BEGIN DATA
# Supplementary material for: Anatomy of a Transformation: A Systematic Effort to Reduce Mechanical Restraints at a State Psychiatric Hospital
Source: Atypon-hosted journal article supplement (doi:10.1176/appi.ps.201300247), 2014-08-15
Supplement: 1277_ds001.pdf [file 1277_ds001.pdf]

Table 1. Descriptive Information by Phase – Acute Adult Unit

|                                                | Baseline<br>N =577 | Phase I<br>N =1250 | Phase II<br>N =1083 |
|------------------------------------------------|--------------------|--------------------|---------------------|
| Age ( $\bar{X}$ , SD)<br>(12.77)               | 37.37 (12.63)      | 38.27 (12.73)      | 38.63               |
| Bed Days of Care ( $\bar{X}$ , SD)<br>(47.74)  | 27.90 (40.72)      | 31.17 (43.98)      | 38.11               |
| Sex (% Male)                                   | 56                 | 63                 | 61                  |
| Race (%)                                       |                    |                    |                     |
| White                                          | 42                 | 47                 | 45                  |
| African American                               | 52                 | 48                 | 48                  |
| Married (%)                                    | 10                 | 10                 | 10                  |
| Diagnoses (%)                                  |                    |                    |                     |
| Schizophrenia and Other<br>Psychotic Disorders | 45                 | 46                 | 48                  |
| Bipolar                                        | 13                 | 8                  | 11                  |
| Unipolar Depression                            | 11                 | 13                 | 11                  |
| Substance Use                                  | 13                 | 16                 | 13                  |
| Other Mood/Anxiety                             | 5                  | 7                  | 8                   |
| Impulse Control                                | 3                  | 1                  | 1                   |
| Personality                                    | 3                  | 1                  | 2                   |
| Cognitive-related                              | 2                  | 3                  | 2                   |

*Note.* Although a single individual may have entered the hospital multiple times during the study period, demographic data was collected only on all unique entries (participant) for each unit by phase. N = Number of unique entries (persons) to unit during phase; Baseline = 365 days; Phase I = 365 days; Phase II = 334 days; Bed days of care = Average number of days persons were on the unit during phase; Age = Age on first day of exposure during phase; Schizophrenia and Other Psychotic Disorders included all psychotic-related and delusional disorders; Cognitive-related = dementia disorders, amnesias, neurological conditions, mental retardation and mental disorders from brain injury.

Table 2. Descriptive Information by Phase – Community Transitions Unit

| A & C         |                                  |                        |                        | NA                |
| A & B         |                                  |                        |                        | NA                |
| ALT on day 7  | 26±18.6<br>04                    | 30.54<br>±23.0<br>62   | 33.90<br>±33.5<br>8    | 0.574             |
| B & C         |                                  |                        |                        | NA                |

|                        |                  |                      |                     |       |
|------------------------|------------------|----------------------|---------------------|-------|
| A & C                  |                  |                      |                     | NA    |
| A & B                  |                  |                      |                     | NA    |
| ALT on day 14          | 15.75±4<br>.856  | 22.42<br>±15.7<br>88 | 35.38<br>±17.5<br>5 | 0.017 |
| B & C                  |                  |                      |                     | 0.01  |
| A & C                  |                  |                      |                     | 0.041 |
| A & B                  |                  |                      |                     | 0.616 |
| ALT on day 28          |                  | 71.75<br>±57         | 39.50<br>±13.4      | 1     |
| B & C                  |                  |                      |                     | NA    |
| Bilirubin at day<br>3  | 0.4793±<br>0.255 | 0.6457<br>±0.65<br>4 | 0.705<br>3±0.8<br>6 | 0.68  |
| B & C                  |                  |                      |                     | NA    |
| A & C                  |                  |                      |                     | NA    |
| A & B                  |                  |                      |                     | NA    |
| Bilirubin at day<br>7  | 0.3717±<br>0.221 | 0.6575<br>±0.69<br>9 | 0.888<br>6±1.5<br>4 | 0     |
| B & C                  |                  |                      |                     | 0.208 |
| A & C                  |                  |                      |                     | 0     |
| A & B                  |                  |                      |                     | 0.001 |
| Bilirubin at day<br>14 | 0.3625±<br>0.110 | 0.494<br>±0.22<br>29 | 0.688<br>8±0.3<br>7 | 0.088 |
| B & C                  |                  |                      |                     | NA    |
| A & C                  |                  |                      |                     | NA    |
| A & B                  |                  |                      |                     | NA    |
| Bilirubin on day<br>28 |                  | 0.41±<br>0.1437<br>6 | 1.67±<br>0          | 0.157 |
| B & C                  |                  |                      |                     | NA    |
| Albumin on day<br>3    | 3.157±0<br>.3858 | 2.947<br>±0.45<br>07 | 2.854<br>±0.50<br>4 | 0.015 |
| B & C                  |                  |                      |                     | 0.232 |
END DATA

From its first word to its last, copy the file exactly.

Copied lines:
# Supplementary material for: Anatomy of a Transformation: A Systematic Effort to Reduce Mechanical Restraints at a State Psychiatric Hospital
Source: Atypon-hosted journal article supplement (doi:10.1176/appi.ps.201300247), 2014-08-15
Supplement: 1277_ds001.pdf [file 1277_ds001.pdf]

Table 1. Descriptive Information by Phase – Acute Adult Unit

|                                                | Baseline<br>N =577 | Phase I<br>N =1250 | Phase II<br>N =1083 |
|------------------------------------------------|--------------------|--------------------|---------------------|
| Age ( $\bar{X}$ , SD)<br>(12.77)               | 37.37 (12.63)      | 38.27 (12.73)      | 38.63               |
| Bed Days of Care ( $\bar{X}$ , SD)<br>(47.74)  | 27.90 (40.72)      | 31.17 (43.98)      | 38.11               |
| Sex (% Male)                                   | 56                 | 63                 | 61                  |
| Race (%)                                       |                    |                    |                     |
| White                                          | 42                 | 47                 | 45                  |
| African American                               | 52                 | 48                 | 48                  |
| Married (%)                                    | 10                 | 10                 | 10                  |
| Diagnoses (%)                                  |                    |                    |                     |
| Schizophrenia and Other<br>Psychotic Disorders | 45                 | 46                 | 48                  |
| Bipolar                                        | 13                 | 8                  | 11                  |
| Unipolar Depression                            | 11                 | 13                 | 11                  |
| Substance Use                                  | 13                 | 16                 | 13                  |
| Other Mood/Anxiety                             | 5                  | 7                  | 8                   |
| Impulse Control                                | 3                  | 1                  | 1                   |
| Personality                                    | 3                  | 1                  | 2                   |
| Cognitive-related                              | 2                  | 3                  | 2                   |

*Note.* Although a single individual may have entered the hospital multiple times during the study period, demographic data was collected only on all unique entries (participant) for each unit by phase. N = Number of unique entries (persons) to unit during phase; Baseline = 365 days; Phase I = 365 days; Phase II = 334 days; Bed days of care = Average number of days persons were on the unit during phase; Age = Age on first day of exposure during phase; Schizophrenia and Other Psychotic Disorders included all psychotic-related and delusional disorders; Cognitive-related = dementia disorders, amnesias, neurological conditions, mental retardation and mental disorders from brain injury.

Table 2. Descriptive Information by Phase – Community Transitions Unit

| A & C         |                                  |                        |                        | NA                |
| A & B         |                                  |                        |                        | NA                |
| ALT on day 7  | 26±18.6<br>04                    | 30.54<br>±23.0<br>62   | 33.90<br>±33.5<br>8    | 0.574             |
| B & C         |                                  |                        |                        | NA                |

|                        |                  |                      |                     |       |
|------------------------|------------------|----------------------|---------------------|-------|
| A & C                  |                  |                      |                     | NA    |
| A & B                  |                  |                      |                     | NA    |
| ALT on day 14          | 15.75±4<br>.856  | 22.42<br>±15.7<br>88 | 35.38<br>±17.5<br>5 | 0.017 |
| B & C                  |                  |                      |                     | 0.01  |
| A & C                  |                  |                      |                     | 0.041 |
| A & B                  |                  |                      |                     | 0.616 |
| ALT on day 28          |                  | 71.75<br>±57         | 39.50<br>±13.4      | 1     |
| B & C                  |                  |                      |                     | NA    |
| Bilirubin at day<br>3  | 0.4793±<br>0.255 | 0.6457<br>±0.65<br>4 | 0.705<br>3±0.8<br>6 | 0.68  |
| B & C                  |                  |                      |                     | NA    |
| A & C                  |                  |                      |                     | NA    |
| A & B                  |                  |                      |                     | NA    |
| Bilirubin at day<br>7  | 0.3717±<br>0.221 | 0.6575<br>±0.69<br>9 | 0.888<br>6±1.5<br>4 | 0     |
| B & C                  |                  |                      |                     | 0.208 |
| A & C                  |                  |                      |                     | 0     |
| A & B                  |                  |                      |                     | 0.001 |
| Bilirubin at day<br>14 | 0.3625±<br>0.110 | 0.494<br>±0.22<br>29 | 0.688<br>8±0.3<br>7 | 0.088 |
| B & C                  |                  |                      |                     | NA    |
| A & C                  |                  |                      |                     | NA    |
| A & B                  |                  |                      |                     | NA    |
| Bilirubin on day<br>28 |                  | 0.41±<br>0.1437<br>6 | 1.67±<br>0          | 0.157 |
| B & C                  |                  |                      |                     | NA    |
| Albumin on day<br>3    | 3.157±0<br>.3858 | 2.947<br>±0.45<br>07 | 2.854<br>±0.50<br>4 | 0.015 |
| B & C                  |                  |                      |                     | 0.232 |